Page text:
in Horror General

Wes Craven Remembered

Wes Craven

Wes Craven

When Wes Craven, one of my all time favourite horror directors, sadly passed away in August 2015, aged 76, I felt really sad. Although all we horror fans can no longer look forward to a new Craven production, we can of course always savour and revisit the wonderful legacy he left with such classic franchises as A Nightmare On Elm Street and Scream.

Wesley Earl Craven was born on 2nd August 1939. He was raised in Cleveland, Ohio, by a strict baptist family, who did not approve of his watching the more extreme kinds of movies for which he was later to become so famous. However, they didn’t mind him watching more innocent, family oriented films like the Disney ones.

Craven graduated with an Honours Degree in Psychology and English, later attaining a Master’s Degree in Philosophy and Writing. He then went into teaching, and while he was in this profession he made a short action feature with a student film club in Potsdam, New York. Much to Craven’s surprise, this film actually made a fair amount of money for him, and this undoubtedly encouraged him to pursue film making seriously.

Craven’s first major feature film was the notorious horror The Last House On The Left (1972), on which he collaborated with Sean Cunningham. This movie, about two travelling teenage girls who are viciously attacked and sexually assaulted by a group of psycho killers, shocked audiences all over America, and even made the video nasties list. And the movie’s notorious reputation was only exacerbated by the fact that it came out just a few years after the horrific Charles Manson murders at Sharon Tate’s home.

In 1977, Craven directed his second horror masterpiece: The Hills Have Eyes. This movie centred on a group of tourists who fall victim to a group of dysfunctional cannibal killers in the vast desert. Craven, apparently, got the inspiration for this movie from the 16th century story of the notorious Sawney Bean Clan, who were said to have committed similar atrocities along the costal pathways of Ballantrae, Ayrshire.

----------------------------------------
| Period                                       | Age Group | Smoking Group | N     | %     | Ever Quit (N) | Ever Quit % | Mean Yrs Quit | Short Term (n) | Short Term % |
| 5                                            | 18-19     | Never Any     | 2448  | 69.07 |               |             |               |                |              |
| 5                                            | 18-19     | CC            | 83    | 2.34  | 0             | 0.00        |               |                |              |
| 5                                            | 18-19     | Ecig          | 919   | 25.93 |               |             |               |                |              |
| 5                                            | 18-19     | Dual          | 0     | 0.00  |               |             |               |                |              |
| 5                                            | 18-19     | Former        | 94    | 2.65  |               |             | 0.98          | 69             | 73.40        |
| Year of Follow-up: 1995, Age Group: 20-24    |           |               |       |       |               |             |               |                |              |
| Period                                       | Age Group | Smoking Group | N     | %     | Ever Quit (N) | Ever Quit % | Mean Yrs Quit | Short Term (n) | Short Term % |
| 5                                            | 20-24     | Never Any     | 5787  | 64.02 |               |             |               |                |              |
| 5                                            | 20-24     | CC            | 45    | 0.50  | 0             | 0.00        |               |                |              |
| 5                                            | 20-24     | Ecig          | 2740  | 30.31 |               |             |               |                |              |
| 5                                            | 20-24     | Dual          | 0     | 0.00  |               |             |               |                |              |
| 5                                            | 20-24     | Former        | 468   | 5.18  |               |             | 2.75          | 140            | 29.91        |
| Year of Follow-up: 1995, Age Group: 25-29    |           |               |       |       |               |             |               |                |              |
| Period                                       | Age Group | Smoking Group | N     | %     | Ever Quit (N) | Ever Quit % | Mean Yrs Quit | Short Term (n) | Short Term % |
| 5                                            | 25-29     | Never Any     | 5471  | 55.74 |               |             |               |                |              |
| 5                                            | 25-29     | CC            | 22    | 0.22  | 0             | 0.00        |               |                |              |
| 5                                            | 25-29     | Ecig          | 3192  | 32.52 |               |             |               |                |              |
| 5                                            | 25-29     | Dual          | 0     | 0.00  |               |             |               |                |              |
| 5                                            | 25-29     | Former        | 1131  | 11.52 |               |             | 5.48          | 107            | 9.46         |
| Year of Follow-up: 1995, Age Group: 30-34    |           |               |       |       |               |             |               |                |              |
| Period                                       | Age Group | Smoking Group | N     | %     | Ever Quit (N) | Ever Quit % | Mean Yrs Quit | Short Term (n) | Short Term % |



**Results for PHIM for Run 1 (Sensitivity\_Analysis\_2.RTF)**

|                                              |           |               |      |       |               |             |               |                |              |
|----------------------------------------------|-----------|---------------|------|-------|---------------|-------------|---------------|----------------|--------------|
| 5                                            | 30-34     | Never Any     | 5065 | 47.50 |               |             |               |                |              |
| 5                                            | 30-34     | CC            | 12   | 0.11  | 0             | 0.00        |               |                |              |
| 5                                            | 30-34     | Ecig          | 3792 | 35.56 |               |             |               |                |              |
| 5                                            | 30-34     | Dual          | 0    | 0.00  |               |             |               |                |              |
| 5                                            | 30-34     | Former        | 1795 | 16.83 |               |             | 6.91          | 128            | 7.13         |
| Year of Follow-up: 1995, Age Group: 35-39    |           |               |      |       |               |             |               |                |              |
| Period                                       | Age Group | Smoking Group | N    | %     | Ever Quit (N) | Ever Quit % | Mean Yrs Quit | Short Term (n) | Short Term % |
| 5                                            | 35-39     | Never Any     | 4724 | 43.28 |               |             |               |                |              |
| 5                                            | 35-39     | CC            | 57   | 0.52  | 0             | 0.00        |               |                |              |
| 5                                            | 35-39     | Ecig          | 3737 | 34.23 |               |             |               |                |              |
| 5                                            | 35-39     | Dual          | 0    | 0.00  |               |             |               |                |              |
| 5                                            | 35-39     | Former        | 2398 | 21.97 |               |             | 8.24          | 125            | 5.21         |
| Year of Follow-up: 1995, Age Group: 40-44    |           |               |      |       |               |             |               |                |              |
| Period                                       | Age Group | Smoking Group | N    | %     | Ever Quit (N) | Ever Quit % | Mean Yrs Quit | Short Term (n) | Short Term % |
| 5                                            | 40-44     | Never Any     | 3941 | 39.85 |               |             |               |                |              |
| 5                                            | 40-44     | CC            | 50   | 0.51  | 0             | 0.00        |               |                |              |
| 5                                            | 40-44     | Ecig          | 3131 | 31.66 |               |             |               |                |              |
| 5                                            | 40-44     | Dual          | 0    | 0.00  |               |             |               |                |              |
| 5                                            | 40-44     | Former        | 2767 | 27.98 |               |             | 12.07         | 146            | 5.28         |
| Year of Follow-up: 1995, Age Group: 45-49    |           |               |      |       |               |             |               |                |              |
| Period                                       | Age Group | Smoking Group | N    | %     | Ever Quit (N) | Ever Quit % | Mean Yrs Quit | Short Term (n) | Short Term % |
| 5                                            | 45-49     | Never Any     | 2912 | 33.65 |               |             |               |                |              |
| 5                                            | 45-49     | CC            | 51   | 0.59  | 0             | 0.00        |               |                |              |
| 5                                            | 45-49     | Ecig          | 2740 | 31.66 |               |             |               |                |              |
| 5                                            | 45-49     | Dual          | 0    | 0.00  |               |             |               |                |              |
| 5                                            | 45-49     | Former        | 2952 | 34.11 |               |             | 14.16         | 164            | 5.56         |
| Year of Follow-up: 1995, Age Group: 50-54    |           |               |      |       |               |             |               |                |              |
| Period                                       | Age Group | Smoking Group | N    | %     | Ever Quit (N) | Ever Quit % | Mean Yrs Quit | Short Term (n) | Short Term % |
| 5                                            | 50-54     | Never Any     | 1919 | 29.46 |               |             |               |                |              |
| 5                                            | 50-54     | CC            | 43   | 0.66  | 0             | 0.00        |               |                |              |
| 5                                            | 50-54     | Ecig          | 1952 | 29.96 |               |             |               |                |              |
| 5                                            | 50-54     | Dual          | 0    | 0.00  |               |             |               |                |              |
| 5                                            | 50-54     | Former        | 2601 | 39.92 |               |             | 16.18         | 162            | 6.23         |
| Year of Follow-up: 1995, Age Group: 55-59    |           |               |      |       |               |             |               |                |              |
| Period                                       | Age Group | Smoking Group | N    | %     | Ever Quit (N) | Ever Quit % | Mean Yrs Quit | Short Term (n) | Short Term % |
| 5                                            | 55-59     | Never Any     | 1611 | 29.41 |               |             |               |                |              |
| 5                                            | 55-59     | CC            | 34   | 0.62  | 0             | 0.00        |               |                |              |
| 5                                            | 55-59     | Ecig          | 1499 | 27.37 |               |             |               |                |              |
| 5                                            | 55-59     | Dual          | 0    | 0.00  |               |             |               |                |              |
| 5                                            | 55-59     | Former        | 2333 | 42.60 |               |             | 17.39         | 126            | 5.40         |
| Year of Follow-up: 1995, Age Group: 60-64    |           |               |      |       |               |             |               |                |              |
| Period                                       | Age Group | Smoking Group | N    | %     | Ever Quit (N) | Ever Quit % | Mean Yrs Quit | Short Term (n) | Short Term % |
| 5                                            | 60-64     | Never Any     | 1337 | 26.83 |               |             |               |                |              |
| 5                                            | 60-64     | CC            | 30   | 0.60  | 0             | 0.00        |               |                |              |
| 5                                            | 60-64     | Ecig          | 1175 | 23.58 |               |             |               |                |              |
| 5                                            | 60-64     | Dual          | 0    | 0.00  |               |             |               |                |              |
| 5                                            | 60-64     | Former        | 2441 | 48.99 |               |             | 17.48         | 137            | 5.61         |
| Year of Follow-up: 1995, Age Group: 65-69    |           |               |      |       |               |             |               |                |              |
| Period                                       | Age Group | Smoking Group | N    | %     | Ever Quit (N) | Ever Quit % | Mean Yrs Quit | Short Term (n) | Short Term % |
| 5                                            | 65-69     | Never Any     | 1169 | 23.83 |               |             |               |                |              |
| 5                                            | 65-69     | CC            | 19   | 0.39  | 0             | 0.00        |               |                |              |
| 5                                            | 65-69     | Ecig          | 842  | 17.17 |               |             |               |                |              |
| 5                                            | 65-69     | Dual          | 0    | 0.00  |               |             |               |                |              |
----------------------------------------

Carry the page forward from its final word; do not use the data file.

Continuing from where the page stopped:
When Craven made A Nightmare On Elm Street in 1984, he certainly brought something outstandingly different to overdone slasher genre in the form of the hideously disfigured dream killer, Freddy Krueger. The Elm Street series of movies – although becoming a bit too facetious for some horror fans with all those Freddy wisecracks – went on to become one of the largest, lucrative franchises in American cinema history.

In 1988, Craven temporarily departed from the slasher genre to make The Serpent and The Rainbow. This was a voodoo/zombie movie reminiscent of the kind of films made so famous by such directors as George A. Romero and Lucio Fulci.

Twelve years later, Craven repeated the success of his Elm Street franchise when he made Scream. The creepy white mask that the black-hooded killer wore in this movie, and in all the sequels, became so synonymous with the Scream franchise, and has even become a popular item to wear with Halloween trick-or-treaters.

Aside from all the aforementioned movies, Craven did make some pretty good lesser-known films like Deadly Friend (1985), Cursed (2004), Dracula 2000 (2000), My Soul To Take (2010), and many more.

The tenth episode of the Scream TV series was dedicated to Wes Craven’s memory.

Alan Toner